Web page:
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The Doldrums

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  • The Doldrums

    The doldrums are a term used by sailors to describe a period without wind. Along the equator, during certain times of the year it is hot and there can be little or no wind. The doldrums could trap a ship and its sailors for weeks without a breath of wind. Stories abound telling of ships where the whole crew went crazy and the ghost ship is still sailing the seas. Other ships would use this time to make repairs, fix sails, paint and treat the wood, as well as have fun swimming or just relaxing.

    Testing can be an overwhelming lifestyle. A lot of departments seem to test about the same time during the year. So all of a sudden you have all of the tests you want to take and they are at the same time, or so close it is almost impossible to prepare for. On top of that there are all of the other things that go on, you know life. You have to pay the bills, keep a job, and keep your grades up, not to mention that person always telling you that you don’t spend enough time with them. You just can’t wait for the day you get your first “four-day”.

    But there are also times when the doldrums set in. No one is testing; things are good at work and at home. You may have a break between classes. Things posted last week are still on the front page of the Firehouse web site. That is the time for you to be repairing the sails. Those old ship captains wouldn’t just get one set of sails ready, they wanted plenty of backup. The area of the oceans were the doldrums happen is also where hurricanes originate. Things could go from nothing to something big in a hurry.

    So in your time that you aren’t stretched too thin, make sure you are at least maintaining your testing abilities, if not improving them.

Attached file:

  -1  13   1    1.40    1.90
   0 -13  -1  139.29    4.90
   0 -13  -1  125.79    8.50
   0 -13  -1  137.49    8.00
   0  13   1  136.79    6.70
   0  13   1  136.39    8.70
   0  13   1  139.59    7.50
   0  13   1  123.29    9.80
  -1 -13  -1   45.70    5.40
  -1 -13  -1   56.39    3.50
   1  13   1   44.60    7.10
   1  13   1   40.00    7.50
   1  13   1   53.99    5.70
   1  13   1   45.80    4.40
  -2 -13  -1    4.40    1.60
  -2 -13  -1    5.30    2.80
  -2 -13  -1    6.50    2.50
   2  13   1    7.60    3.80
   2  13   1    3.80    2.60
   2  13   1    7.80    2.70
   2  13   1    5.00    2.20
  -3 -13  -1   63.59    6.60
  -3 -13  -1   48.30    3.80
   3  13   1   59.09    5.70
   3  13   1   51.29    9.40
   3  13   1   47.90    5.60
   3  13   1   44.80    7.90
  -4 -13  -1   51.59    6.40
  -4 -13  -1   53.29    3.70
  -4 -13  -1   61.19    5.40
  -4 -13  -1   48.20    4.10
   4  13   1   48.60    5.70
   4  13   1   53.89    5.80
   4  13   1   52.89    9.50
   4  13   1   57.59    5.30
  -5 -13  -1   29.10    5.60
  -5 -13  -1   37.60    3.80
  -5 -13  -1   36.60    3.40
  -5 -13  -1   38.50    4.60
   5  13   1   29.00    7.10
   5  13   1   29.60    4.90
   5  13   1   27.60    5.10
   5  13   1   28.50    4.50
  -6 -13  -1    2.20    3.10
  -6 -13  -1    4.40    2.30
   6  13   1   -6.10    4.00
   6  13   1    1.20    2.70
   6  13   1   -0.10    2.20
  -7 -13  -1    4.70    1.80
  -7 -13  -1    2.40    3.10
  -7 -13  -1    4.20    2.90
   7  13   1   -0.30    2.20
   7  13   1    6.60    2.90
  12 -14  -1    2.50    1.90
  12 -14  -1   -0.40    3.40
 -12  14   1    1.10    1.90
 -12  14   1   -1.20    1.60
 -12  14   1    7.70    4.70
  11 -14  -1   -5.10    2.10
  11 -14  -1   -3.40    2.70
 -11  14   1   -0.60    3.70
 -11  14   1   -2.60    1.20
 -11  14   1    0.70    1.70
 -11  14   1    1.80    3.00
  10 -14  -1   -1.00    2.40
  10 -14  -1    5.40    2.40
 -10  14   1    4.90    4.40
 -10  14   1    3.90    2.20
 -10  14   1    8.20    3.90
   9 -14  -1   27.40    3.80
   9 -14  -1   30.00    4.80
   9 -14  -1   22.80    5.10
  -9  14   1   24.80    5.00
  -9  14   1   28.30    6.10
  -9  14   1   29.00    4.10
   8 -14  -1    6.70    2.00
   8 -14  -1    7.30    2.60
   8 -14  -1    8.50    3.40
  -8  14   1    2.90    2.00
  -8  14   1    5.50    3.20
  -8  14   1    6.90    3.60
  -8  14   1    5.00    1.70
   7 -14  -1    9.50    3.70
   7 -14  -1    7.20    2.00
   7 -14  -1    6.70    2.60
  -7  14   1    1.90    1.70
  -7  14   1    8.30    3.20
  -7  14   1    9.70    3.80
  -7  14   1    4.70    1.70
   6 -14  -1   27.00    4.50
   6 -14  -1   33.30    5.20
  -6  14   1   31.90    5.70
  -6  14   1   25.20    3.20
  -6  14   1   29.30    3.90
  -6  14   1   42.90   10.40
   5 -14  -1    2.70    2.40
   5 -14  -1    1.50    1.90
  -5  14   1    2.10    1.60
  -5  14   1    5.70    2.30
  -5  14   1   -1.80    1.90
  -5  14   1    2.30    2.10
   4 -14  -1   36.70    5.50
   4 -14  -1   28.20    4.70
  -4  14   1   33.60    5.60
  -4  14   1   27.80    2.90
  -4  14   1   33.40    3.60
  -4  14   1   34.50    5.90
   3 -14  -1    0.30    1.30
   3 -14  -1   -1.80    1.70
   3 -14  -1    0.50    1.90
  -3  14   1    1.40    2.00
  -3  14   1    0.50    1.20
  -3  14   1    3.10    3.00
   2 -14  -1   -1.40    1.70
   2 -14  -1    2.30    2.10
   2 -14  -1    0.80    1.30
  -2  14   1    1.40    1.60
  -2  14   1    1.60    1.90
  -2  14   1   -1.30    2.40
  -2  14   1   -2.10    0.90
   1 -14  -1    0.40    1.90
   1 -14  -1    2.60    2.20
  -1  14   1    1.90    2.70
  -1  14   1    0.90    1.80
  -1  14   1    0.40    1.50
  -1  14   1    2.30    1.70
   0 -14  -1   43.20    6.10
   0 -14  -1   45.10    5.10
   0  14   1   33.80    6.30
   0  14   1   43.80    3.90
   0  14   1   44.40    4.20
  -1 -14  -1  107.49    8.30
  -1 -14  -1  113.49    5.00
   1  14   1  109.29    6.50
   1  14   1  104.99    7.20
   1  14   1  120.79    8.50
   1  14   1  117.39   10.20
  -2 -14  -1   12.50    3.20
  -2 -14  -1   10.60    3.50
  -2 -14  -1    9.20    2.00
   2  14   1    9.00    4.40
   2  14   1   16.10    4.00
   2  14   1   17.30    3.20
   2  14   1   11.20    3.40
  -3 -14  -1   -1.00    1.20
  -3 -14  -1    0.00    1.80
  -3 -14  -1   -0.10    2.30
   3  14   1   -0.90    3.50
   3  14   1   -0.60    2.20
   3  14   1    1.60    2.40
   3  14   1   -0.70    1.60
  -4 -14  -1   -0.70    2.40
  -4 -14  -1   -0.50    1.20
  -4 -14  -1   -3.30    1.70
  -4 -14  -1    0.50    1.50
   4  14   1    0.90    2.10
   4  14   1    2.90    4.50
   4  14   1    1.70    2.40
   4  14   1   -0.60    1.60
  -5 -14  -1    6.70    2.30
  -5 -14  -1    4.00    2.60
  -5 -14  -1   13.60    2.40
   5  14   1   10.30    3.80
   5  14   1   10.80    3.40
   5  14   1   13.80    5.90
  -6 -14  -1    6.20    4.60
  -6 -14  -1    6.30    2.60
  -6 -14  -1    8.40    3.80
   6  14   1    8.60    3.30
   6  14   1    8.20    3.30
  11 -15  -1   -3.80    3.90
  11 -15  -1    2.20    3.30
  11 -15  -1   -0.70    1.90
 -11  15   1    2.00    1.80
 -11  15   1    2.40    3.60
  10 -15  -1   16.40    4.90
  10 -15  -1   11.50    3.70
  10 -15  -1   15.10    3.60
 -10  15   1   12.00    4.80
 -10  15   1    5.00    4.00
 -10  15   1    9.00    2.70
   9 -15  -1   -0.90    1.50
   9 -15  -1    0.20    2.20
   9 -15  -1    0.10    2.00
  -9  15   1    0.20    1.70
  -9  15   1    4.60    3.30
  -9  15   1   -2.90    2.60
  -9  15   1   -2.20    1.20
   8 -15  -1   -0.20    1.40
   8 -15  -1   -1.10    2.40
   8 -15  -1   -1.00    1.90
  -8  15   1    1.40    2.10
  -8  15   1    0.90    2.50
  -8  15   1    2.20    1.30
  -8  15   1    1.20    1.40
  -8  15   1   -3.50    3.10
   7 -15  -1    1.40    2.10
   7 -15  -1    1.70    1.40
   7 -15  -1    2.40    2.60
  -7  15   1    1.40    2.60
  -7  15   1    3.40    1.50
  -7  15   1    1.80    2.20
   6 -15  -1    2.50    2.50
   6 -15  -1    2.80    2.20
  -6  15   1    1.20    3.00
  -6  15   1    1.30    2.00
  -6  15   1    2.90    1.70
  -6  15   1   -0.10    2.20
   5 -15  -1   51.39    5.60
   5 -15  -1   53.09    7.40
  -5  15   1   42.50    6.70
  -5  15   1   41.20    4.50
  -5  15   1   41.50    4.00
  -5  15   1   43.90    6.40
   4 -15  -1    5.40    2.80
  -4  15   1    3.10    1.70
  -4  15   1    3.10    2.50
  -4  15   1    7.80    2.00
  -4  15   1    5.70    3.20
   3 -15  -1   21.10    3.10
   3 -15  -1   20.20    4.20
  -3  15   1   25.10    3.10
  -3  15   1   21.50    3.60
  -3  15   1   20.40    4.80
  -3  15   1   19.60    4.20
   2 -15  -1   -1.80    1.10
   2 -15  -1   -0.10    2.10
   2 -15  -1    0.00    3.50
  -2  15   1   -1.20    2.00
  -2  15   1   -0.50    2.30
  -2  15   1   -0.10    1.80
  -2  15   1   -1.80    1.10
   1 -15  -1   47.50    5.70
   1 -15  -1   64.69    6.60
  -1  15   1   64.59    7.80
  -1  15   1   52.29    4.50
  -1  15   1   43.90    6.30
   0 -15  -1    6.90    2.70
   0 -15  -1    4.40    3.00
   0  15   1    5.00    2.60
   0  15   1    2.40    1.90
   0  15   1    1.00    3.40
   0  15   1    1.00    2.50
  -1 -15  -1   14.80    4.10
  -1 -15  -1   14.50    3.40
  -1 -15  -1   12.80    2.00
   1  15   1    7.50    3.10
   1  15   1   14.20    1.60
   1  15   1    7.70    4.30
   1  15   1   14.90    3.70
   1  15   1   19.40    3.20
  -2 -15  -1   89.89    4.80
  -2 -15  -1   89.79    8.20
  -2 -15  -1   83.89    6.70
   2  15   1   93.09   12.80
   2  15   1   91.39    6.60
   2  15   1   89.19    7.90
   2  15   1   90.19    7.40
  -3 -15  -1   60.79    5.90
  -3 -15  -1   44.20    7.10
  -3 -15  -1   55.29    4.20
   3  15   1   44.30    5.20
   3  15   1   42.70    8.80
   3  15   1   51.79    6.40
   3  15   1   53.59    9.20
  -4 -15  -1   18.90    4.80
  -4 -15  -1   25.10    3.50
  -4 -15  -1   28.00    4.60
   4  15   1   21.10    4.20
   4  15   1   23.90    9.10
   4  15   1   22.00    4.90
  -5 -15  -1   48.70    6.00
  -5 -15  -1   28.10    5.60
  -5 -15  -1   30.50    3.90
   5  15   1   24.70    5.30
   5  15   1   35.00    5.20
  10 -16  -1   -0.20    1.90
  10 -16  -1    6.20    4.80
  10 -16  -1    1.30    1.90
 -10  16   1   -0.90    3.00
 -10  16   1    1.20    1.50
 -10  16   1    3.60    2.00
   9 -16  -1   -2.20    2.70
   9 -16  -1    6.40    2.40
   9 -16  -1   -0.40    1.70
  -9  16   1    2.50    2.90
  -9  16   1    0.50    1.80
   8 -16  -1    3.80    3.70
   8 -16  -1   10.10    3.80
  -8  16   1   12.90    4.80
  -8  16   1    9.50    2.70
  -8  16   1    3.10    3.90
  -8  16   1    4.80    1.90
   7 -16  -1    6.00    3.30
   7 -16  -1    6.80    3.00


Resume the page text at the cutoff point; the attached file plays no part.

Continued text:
If you can pass the physical with no problem, get better. If you have some sort of injury before your next test and are only up to 85%, you are sure going to hope you were over prepared.

    If you are doing well at the written tests, get better. A 94% is great, but if you can find a department that weighs the written, or they only take the top 30 people, 96% might not be enough. Instead of the last minute cramming, do a page a day, that way you can remember the stuff and it will be in your long-term memory.

    With oral interviews being a major part of your score, if not the whole ball of wax, you need to get good at answering the questions. If you could see the actors for a sitcom doing the first read through for that week’s episode you may not recognize them. They are sounding out words, trying to follow the plot while they read, and listen to the others do the same. But after they have the time to memorize their lines, make them their own, and become familiar with them they can have fun. Believe it or not you can have fun in an interview. When you can go into an interview and know that you have well thought out, well-rehearsed answers that you couldn’t forget if you wanted, then you can go in and be you, not nervous guy #345. Being you in the interview is what gets you the job.

    Some ways to improve your skills are of course to have an answer put together for those most asked questions, but also to practice the situational. Have friends or family that will shoot questions at you out of the blue will help you think on your feet. I have known a few ambulance crews that got hired about the same time, because they spent all of that down time working on their oral skills.

    Imagine going into you next test and knowing you are so over prepared for the written, and the physical, and when the oral interview comes you feel like a kid on Christmas. This is a huge task if you test is this month, but if you do a little each day, imagine how prepared you would be come November.

    Don’t think I am saying not to enjoy the down time. Recharging the batteries is very important for your health and wellbeing. I want you to be able to stop and smell the roses, but wouldn’t it be nice if they were growing in the yard of the house you just bought.

    Good Luck, Captain Rob

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    Good Luck, Capt Rob

  • #2
    The letter Commeth

    See it all the time. Then you will hear from candidates that they sprung the oral on them. They got the letter and need to get ready. They often panic. Post messages on this forum asking about what questions might be used or how to get ready. But as Rob has said in previous postings, "You knew there was an oral board in your future when you turned in the application. You just didn't know when. When just showed up and caught you flat footed."

    "Captain Bob"
    Last edited by CaptBob; 09-25-2006, 04:24 PM.

    "Nothing counts 'til you have the badge . . . Nothing!"

    More Tips on getting hired and promoted by Firehouse Contributing Author Fire “Captain Bob” Articles here:

    Fire "Captain Bob"



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